Mulling over Malvas

Out of all the plants you can grow for luscious leafiness, Malvas are the best. Some even surpass lettuce in my opinion, since they don’t get bitter in heat. When you add on the perennial nature of some, there’s just nothing that can beat them.

I just wish they contained all these characteristics in one species. M. moschata is perennial but the leaves a bit too fuzzy. Malva (sometimes Althea) officionalis, the marshmallow plant, so named because the Egyptians made the first rudiments of today’s marshmallows by boiling the mucilage-rich root, is about the same, often too fuzzy.

From left to right: Malva verticillata, officionalis (marshmallow, and not the biggest specimen, but what I could find in this late season), sylvestris, and pusilla.

There is hope for these fuzzy characters as a leaf crop, especially marshmallow. You see it seeds quite well, its progeny often making a regular mat of green beneath it. These small sprouts can grow as much as three feet or more in their first year. For a while in this first year, the leaves of most specimens have no fuzz, and are quite tasty. Considering their tendency to mob their neighbors, you need to rip out a few anyway. The parent will make plenty more appear next spring. If managed this way, it really is a good cooking or salad green.

What plants you miss for leaves are very good for roots. Although growing in a number of directions, with a central ball, the taste and texture of the root, when cooked, is hardly different from carrots. The texture is, if anything, a little more moist than carrots, due to the mucilage in Malvas.

Although the tender little seedlings of marshmallow are good, the best Malva for leaves is M. verticillata, commonly called vegetable mallow. They’re huge, usually 6-8 inches across with ruffled edges. Fuzziness is hardly to be found, even on the mature leaves, and the slightly mucilaginous texture is pretty enjoyable on the palate.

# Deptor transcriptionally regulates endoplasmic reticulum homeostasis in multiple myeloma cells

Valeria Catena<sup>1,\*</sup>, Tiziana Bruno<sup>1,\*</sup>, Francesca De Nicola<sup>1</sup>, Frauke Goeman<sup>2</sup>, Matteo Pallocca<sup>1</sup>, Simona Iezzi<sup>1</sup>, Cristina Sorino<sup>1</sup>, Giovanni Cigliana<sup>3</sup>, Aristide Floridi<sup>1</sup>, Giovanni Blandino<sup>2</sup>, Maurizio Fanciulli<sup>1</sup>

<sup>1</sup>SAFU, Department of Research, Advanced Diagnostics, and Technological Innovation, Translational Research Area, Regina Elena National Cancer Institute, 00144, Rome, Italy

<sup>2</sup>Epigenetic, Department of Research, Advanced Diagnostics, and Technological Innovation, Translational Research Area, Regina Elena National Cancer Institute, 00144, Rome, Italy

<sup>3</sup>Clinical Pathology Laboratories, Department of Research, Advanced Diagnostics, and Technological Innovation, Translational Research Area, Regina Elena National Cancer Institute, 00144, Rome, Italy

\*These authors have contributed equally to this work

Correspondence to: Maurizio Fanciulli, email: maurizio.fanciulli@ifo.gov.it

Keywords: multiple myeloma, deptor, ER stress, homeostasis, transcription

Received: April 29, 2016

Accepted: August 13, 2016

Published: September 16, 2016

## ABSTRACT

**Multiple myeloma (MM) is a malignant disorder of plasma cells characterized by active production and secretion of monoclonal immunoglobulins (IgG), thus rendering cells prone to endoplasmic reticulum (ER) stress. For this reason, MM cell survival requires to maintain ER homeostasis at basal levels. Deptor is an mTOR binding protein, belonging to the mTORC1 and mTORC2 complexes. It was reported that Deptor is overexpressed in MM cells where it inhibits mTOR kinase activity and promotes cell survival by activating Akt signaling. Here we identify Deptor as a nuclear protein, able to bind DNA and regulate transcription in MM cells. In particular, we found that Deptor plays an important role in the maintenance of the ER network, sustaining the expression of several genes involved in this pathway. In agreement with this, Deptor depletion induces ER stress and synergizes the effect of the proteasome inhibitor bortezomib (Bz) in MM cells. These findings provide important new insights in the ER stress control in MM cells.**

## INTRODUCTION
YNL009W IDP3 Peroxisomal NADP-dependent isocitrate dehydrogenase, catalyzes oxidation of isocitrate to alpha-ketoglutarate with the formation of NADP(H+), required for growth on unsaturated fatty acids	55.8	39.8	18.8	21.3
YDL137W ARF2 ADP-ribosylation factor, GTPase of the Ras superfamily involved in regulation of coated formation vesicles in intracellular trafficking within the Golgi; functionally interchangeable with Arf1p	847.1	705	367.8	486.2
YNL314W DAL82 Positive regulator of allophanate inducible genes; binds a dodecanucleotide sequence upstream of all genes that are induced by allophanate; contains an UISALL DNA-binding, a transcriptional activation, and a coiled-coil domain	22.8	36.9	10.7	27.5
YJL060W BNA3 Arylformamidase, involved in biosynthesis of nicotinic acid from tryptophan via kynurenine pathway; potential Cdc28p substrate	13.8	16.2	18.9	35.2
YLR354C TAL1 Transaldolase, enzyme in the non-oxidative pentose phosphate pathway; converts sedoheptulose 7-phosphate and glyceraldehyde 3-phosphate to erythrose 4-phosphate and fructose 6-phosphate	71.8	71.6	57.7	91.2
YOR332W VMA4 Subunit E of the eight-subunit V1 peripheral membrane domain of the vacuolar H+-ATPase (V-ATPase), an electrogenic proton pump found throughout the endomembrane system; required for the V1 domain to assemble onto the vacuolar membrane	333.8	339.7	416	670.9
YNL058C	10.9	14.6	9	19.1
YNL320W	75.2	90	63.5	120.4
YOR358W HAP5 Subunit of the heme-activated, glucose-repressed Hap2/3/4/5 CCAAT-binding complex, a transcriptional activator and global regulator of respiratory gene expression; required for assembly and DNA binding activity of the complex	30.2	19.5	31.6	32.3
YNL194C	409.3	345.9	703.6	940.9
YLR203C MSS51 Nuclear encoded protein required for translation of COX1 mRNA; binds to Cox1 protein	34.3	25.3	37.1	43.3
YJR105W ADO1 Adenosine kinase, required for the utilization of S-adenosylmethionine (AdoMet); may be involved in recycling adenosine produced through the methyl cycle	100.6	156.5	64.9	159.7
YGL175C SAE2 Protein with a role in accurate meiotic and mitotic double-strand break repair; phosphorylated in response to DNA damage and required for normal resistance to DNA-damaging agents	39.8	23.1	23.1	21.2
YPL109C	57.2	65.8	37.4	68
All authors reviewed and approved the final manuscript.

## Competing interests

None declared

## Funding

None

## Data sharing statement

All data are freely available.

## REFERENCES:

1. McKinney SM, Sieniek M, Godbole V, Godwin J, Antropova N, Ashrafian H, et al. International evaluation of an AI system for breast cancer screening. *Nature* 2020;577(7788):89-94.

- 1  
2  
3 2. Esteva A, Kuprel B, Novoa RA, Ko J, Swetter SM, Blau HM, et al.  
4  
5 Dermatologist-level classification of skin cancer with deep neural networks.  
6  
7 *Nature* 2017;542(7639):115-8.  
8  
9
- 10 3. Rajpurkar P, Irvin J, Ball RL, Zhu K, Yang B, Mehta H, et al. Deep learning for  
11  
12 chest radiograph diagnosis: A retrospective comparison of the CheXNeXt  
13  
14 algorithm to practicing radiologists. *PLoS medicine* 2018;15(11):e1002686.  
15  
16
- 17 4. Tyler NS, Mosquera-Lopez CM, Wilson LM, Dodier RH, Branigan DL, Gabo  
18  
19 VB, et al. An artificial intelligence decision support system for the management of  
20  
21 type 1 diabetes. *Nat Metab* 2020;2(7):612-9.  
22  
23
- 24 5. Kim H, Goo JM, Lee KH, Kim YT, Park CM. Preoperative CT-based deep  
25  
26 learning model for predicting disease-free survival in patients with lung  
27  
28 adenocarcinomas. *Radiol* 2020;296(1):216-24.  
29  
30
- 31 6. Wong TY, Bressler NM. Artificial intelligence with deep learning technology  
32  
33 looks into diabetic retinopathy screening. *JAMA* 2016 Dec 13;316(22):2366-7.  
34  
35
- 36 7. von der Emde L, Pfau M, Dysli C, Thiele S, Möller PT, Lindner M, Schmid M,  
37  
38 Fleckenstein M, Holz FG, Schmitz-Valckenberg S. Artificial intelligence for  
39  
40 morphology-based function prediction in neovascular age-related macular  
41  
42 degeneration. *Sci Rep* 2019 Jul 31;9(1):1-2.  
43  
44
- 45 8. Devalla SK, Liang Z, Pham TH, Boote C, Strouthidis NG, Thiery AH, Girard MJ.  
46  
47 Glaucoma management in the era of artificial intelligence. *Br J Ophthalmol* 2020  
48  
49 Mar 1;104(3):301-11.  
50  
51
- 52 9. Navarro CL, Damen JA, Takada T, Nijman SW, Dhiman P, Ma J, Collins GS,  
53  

Vegetable mallow salad I had the other day with “Matt’s Wild” cherry tomatoes, chickweed, and some sliced welsh onion.

Unlike lettuce, this has enough substance that it doubles as a really good cooking green, maintaining texture, and, due to the mucilage, staying moist in a light sauté. I like to add it to mixed greens including lambsquarter, and amaranth, which have similar textures.

The biggest downside is it’s annual, so I have to plant it every year. It does self seed, but in the food forest that doesn’t help much because they need the fertility of annuals, and I can only get them to grow in first year beds. The second year they appear, they can hardly compete with marshmallow seedlings in size, so why bother.

The young plants are also frost sensitive, so early sprouts get frosted. I usually start a flat of seedlings in April to be planted out in late May after frost is gone.

The real place these shine is self seeding in fertile annual gardens. Below is a row that popped up on its own in our CSA gardens after tilling for fall carrots in July. They are quite luscious. In these conditions, they can easily reach 6ft. If planted in a greenhouse, these can easily get 8ft tall.

Vegetable mallow self seeded in the late fall CSA gardens.

Stephen Barstow mentions in his fantastic book that some perennial versions have popped up in the gene pool. I’m still looking.

The middle of the road is Malva sylvestris. Not overly fuzzy but not large leaves, and can come back perennial.

A first year M. sylvestris in the “For example:” garden

It’s also quite popular as an ornamental, so is easy to find -varieties like “Zebrina,” or “Mystic Merlin” mix, for instance. They self seed, and usually grow about 3 ft or smaller.

A slight step down that takes care of itself entirely is M. pusilla. In my area, this is a weed that grows in cement cracks and tilled garden soil alike. Unlike the vegetable mallow, it doesn’t have a dramatic preference for either; it’s just a little larger in garden soil.

It is a creeper, rarely rising over a foot before crawlIng away to the next crack in the cement. I wish it covered the ground more thickly so I could call it a ground cover, but the leaves are too sparse.

One very happy, healthy M. pusilla at the feet of the vegetable mallow pictured above.

This is in part because the leaves are small; usually they can’t push much farther than an inch and a half across. Although they aren’t especially fuzzy either -being worthy of a mixed, hearty salad in my opinion, but not alone. Just be sure you have correctly identified the plant before making your evening meal from the cracks in your back patio. Economical, I know, but please do your research.

All being in the same genus, I keep hoping some of the specimens I keep close together will mix and give rise to the ideal, luscious, huge, hardy, long lived perennial Malva mashup of my dreams. I haven’t seen a seedling showing signs of a mix yet. Until that time, I can get quite a descent salad from the array growing themselves, I just need to manage their ecologies.


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